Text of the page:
If you’re looking for fresh insight into the dysfunctional thinking that impairs policy debates in the U.S., which in turns gums up the machine for doing the right thing on the federal budget in a timely manner, read Paul Krugman’s column yesterday. The title says it all: Let’s Not Make a Deal.
I’m shocked, frankly, that one of the most influential economists on the macro scene—and a Nobel-prize winner at that—is recommending that the President of the United States put politics over policy at a vulnerable moment with the economy hanging in the balance. Krugman’s advice for Obama comes down to this:
So President Obama has to make a decision, almost immediately, about how to deal with continuing Republican obstruction. How far should he go in accommodating the G.O.P.’s demands?
My answer is, not far at all. Mr. Obama should hang tough, declaring himself willing, if necessary, to hold his ground even at the cost of letting his opponents inflict damage on a still-shaky economy. And this is definitely no time to negotiate a “grand bargain” on the budget that snatches defeat from the jaws of victory.
It’s no secret that Krugman is, well, shall we say, a Democratic partisan in the extreme. I say “extreme” in the sense that the Princeton professor isn’t shy about mixing his political views with his policy recommendations, as his latest column makes clear in no uncertain terms. That’s fine, and everyone’s entitled to their opinions. But advocating a political strategy that risks throwing the economy into a nasty recession, at a time when we’ve never really recovered from the 2007-2009 contraction, is ill-advised, to say the least.
Normally, this wouldn’t be worth writing about, but these aren’t normal times, at least as far as the economy goes. Let’s be clear: the risks are substantial. As a new report from the Congressional Budge Office reminds, the fiscal-cliff risk that’s fast approaching will dramatically raise the odds of a new recession if the politicians in Washington don’t defuse this ticking time bomb. The CBO projects that “the significant tax increases and spending cuts that are due to occur in January will probably cause the economy to fall back into a recession next year….”
Many economists agree. For example, Mark Zandi, chief economist at Moody’s Analytics, told CBS News yesterday that “if you tote up all of the things that will happen on January 1st — all the tax increases, all the spending cuts, everything — it actually totes up to $728 billion in calendar year 2013.” If these cuts and tax hikes are allowed to strike in January, “it’s very, very likely that we suffer a very deep recession, and I don’t think that’s the way we want to go here.”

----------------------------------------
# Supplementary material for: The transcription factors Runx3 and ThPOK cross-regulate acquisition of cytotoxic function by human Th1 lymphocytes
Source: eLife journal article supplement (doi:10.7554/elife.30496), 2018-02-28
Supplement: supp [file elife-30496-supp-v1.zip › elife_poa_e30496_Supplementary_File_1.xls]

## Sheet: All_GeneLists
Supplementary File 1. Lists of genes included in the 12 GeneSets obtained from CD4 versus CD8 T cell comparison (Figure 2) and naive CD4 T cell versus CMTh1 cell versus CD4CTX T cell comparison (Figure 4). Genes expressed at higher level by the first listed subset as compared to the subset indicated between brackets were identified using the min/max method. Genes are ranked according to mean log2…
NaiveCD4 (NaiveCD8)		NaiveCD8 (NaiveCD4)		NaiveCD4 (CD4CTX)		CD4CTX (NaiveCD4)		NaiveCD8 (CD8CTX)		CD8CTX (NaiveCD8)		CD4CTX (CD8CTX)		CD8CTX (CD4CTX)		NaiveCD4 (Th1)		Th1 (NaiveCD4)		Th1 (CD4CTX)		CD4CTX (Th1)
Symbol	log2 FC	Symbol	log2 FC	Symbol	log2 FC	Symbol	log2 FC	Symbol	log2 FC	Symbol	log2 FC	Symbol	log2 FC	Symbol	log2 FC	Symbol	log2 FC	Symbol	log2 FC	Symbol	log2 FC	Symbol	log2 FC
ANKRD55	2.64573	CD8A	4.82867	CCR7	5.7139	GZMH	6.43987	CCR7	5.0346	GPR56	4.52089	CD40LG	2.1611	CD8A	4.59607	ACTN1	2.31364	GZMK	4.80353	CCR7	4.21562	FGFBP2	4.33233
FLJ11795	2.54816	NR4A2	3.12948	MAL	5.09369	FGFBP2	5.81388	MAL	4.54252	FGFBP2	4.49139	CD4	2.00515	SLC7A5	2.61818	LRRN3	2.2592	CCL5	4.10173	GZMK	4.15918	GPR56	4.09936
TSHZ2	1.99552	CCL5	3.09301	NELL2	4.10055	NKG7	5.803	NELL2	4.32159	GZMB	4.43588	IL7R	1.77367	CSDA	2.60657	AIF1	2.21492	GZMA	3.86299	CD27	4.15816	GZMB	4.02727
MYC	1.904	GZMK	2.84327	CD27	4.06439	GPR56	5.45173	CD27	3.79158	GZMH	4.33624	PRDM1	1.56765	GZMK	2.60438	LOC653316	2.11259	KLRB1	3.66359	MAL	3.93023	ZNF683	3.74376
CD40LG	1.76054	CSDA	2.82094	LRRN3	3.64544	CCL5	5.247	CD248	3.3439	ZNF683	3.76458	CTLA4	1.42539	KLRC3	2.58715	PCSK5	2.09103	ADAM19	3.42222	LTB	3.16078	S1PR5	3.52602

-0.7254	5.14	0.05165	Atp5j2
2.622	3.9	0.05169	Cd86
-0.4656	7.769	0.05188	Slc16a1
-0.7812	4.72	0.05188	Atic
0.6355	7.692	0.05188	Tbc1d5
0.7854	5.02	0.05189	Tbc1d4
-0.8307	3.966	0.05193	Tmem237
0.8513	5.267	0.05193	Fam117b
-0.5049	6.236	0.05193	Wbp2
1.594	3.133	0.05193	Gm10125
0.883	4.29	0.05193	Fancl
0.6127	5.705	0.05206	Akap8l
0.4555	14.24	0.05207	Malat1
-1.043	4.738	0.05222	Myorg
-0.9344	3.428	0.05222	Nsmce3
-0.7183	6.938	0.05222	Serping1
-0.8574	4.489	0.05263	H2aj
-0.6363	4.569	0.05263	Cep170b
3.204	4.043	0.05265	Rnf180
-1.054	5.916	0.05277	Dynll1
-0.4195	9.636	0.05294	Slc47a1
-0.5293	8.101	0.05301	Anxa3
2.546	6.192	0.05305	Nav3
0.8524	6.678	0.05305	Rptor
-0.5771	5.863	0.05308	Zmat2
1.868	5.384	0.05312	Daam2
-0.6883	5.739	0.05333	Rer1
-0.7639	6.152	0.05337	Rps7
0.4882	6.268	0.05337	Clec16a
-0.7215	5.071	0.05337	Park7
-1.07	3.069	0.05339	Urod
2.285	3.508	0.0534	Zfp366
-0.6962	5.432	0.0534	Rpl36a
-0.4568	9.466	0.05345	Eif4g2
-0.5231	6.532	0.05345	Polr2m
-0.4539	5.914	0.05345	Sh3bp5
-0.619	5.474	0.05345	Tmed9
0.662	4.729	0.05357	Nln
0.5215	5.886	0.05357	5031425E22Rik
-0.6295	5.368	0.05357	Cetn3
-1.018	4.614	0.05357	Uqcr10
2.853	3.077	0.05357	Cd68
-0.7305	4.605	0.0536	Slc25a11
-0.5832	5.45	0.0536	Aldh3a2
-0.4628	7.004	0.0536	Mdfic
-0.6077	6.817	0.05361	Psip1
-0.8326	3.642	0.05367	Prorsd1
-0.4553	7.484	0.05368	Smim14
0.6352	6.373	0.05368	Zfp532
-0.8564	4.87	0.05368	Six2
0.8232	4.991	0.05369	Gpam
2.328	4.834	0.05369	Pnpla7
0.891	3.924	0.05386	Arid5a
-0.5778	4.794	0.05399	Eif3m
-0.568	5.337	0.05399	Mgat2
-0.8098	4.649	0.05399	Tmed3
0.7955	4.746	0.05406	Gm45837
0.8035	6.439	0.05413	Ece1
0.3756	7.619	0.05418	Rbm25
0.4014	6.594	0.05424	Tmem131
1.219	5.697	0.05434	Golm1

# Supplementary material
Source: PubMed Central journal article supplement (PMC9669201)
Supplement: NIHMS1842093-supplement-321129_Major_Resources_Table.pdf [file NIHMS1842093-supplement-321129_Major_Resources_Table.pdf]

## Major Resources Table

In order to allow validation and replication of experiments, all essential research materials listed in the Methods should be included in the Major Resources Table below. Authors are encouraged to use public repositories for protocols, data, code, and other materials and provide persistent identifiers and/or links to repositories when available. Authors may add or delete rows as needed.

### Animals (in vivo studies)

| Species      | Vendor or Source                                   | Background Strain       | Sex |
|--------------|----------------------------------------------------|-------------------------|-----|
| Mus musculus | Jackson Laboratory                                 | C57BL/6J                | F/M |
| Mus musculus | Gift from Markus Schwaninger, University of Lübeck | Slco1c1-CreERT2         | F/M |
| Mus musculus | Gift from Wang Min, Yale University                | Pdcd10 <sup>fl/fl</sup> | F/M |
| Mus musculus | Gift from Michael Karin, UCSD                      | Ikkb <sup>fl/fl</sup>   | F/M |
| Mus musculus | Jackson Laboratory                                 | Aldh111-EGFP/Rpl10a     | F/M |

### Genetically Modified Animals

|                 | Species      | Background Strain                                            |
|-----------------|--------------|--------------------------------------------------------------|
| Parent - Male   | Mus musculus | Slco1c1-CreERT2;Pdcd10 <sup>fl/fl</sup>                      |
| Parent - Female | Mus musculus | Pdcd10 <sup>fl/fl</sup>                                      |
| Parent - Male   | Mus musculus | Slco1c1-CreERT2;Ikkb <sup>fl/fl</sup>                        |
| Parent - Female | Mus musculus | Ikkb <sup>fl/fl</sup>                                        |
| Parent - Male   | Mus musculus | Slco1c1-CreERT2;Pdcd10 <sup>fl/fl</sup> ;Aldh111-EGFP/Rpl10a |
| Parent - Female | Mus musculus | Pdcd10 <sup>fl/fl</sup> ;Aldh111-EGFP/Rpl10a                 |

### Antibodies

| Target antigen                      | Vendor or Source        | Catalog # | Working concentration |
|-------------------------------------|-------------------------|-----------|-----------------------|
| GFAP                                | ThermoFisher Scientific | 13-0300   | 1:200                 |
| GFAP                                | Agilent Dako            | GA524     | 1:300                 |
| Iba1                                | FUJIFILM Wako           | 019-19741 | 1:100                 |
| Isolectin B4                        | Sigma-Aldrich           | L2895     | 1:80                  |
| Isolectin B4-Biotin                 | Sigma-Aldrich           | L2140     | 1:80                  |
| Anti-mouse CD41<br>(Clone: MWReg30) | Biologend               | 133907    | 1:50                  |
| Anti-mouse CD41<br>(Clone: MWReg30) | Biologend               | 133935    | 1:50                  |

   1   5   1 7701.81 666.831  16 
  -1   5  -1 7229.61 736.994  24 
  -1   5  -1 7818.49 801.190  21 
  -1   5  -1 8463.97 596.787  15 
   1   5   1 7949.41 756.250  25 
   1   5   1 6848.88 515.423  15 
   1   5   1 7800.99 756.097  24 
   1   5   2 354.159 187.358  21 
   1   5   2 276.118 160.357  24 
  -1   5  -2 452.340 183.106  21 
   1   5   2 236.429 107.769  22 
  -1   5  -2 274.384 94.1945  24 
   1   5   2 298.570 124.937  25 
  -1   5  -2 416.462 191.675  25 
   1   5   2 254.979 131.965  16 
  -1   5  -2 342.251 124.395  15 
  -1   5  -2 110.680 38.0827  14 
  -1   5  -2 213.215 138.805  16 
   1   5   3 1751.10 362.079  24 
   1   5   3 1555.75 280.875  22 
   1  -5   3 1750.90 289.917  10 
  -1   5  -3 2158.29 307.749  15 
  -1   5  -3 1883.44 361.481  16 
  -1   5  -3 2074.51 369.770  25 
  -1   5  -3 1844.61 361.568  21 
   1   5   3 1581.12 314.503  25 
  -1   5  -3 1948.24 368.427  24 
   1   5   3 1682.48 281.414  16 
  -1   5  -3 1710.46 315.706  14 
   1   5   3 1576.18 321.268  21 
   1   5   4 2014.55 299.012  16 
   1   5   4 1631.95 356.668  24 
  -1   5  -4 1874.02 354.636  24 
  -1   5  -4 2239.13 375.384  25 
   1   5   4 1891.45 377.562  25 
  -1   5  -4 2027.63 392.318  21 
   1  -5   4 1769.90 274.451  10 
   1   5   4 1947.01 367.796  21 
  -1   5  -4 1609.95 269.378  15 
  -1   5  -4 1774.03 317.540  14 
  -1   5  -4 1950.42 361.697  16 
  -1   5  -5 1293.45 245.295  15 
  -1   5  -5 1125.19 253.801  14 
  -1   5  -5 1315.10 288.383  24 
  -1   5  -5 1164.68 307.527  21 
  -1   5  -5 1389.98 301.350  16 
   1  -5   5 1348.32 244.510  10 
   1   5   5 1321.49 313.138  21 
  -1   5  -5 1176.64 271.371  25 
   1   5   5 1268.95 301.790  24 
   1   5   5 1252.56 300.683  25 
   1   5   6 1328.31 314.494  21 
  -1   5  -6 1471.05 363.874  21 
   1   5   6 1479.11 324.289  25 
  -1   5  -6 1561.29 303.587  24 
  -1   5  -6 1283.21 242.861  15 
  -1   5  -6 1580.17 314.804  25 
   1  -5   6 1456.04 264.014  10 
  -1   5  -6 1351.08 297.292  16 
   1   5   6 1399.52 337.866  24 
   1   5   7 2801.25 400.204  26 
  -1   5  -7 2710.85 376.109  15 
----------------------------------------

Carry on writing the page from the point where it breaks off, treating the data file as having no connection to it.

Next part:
Krugman recognizes the risk and that there will be a price to pay if this scenario plays out. As he admits,
I don’t mean to minimize the very real economic dangers posed by the so-called fiscal cliff that is looming at the end of this year if the two parties can’t reach a deal. Both the Bush-era tax cuts and the Obama administration’s payroll tax cut are set to expire, even as automatic spending cuts in defense and elsewhere kick in thanks to the deal struck after the 2011 confrontation over the debt ceiling. And the looming combination of tax increases and spending cuts looks easily large enough to push America back into recession.
Nobody wants to see that happen. Yet it may happen all the same, and Mr. Obama has to be willing to let it happen if necessary.
If necessary? It’s hard to imagine a “necessary” rationale for allowing the economy to slide into a new recession, particularly if you had to explain the reasoning face-to-face with the average working man or woman on the street. The reasoning that Krugman offers amounts to an argument for teaching the Republicans in the House a lesson. Sorry, professor, that’s not good enough.
We can have a healthy debate about who’s to blame for all the gridlock. From my perspective, there’s plenty of blame to go around. But the election is over, and it’s time to negotiate on behalf of the American public, even if that means giving up cherished political goals of the moment. Recommending more intransigence may play well to a political base, but there’s simply too much at stake to let political considerations dominate the days and weeks ahead. And, yes, the same advice goes for the Republicans, who should be willing to bend a little more. News flash to the GOP: Obama was re-elected–act accordingly.
I’m guessing that for anyone of modest means, who relies on economic growth for their livelihoods, will agree. Maybe it’s me, but it seems that one of the leading voices in the dismal science can do better than recommend politics as usual—before the negations between Republicans and the White House have really started. That’s a plan that’s dead on arrival. It’s also the type of thinking that brought us to the brink in the first place, and staying on this course is sure to push us over the edge. Can’t we at least try to imagine another roadmap? If only for our economic survival? Or are we really a nation that’s so short-sighted, so caught up in the political debates du jour, that we can’t see the forest for the trees? I guess we’ll find out soon enough.
It may be naïve on my part to assume that productive negotiations in Washington are possible, but we can still ask—demand—no less. If not now, when? The bottom line: this is a time for leadership, true leadership, as opposed to the flimsy fair-weather notions of leadership that too often are thrown about in political brochures. This much is clear: if Washington fails to avert this crisis, and the economy does sink into a self-inflicted recession, there will be a price to pay, in both economic and political terms. Call me crazy, but it seems that now is the time to promote genuine political compromise. Advocating political warfare, which will fall most heavily on the working poor in terms of the price paid, seems like an incredibly poor choice at this moment.